As the sums explode, so does the power of a tiny group of billionaires. Last spring, Chris Christie—a man not known for his humility—apologized to Sheldon Adelson for having called the West Bank, where Palestinians live as non-citizens under military law, the “occupied territories.” Last month in Buzzfeed, McKay Coppins reported that Marco Rubio, who avoids publicly discussing his work on a immigration bill disliked by grassroots conservatives, has been “enthusiastic” about discussing it privately with the big-money GOP donors who favor comprehensive immigration reform. It’s become commonplace for political reporters to discuss not merely the New Hampshire and South Carolina primaries, but the “Adelson primary” and the “Koch primary.” And for good reason: Winning the support of these men—who will likely give their favored candidate tens of millions of dollars—may be as important as winning certain primary states.
Legally, nothing can be done about this, at least right now. Earlier this month, a woman named Ann Ravel told The New York Times that the Federal Elections Commission, which is supposed to enforce those campaign-finance restrictions that still exist, will not do so. “The likelihood of the [election] laws being enforced is slim,” Ravel explained, “People think the FEC is dysfunctional. It’s worse than dysfunctional.” Ravel should know. She’s the FEC’s chairwoman.
For the time being, therefore, this shift from democracy to oligarchy must be fought not legally, but culturally and politically. The stigma that comes from donating millions of dollars to a presidential candidate—and from receiving it—must increase.
The press can help make this happen. Right now, while presidential candidates experience proctological scrutiny from the press, mega-donors experience relatively little. As a result, they wield enormous power over government policy without facing the public glare that, in a democracy, those with great political power should have to endure.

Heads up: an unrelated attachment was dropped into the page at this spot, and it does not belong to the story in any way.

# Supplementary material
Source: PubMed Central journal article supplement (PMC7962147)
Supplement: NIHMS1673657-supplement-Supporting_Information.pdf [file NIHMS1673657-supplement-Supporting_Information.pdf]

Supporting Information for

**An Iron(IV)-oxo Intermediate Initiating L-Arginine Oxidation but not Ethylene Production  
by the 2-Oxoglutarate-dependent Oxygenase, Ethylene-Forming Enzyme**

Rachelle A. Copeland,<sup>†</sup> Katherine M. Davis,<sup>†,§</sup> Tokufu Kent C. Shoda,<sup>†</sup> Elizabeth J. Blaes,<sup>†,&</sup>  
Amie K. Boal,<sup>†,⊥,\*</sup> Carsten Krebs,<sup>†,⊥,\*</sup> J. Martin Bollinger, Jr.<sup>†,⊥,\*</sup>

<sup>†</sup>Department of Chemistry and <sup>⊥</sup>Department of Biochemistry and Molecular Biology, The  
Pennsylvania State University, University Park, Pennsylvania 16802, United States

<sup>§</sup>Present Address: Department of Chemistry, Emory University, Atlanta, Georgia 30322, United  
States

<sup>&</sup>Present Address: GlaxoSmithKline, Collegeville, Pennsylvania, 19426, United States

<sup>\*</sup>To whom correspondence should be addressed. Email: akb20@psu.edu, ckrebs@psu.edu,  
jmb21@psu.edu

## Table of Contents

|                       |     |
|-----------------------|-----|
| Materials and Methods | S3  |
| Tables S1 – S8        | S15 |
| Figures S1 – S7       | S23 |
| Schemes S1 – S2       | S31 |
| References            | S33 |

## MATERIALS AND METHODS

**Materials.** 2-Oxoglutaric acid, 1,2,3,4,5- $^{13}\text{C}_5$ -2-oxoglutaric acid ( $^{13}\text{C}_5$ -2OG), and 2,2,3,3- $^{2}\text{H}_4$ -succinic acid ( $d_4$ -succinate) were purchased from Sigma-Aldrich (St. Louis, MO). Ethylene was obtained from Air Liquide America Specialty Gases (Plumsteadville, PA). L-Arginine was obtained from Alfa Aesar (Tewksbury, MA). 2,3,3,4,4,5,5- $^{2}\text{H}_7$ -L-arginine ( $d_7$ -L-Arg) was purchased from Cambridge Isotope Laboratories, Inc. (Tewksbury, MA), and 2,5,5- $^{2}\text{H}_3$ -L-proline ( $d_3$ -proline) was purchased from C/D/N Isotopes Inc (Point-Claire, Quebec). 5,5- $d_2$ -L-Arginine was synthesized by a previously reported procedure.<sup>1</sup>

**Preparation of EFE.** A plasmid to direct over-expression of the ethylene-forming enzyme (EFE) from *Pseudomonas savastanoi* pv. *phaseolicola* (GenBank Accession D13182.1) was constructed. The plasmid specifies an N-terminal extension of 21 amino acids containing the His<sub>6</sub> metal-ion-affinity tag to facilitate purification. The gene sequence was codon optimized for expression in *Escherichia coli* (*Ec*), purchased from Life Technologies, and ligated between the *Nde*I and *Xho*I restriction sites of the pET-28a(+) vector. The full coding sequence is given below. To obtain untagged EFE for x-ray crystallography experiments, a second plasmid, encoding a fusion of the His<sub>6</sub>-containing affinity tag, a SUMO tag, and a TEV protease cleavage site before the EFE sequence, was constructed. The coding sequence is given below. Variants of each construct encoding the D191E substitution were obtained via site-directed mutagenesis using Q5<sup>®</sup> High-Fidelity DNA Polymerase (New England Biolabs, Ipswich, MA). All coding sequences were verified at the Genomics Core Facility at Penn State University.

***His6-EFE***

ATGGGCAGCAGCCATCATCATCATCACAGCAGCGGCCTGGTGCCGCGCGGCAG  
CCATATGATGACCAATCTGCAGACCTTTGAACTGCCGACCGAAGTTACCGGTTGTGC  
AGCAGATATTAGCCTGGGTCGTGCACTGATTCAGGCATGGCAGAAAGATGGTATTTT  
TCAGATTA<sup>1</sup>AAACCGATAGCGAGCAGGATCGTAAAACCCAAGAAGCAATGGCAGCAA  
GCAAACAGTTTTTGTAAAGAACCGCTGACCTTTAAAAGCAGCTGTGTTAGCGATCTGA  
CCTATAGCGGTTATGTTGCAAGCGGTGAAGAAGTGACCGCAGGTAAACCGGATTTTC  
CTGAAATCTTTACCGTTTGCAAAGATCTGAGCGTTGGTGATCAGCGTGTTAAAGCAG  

There are two ways journalists can change this. The first is to appeal to donors’s egos. Today, it’s rare to see mega-donors interviewed on television. But, if asked, some would likely appear, if only to increase their fame. Lacking the experience in rhetorical obfuscation that politicians learn on the job, the ultra-rich would frequently say controversial and even lunatic things. Sheldon Adelson, for instance, in a 2013 discussion at Yeshiva University, suggested dropping a nuclear bomb on Iran. If he said that on “Meet the Press,” journalists might ask Marco Rubio, who reportedly talks to Adelson every two weeks, to repudiate his potential benefactor. Rubio almost certainly would not. But the political cost of taking Adelson’s money would rise.
Savvier donors will resist the temptation to make public fools of themselves. In which case, the press should to go to them. Reporters should do whatever it takes, consistent with journalistic ethics and the law, to find out which donors met which candidates, and who said what to whom. After all, the creation of a secret political discourse, in which rich people pay money to hear candidates say things they won’t say in public, is profoundly undemocratic.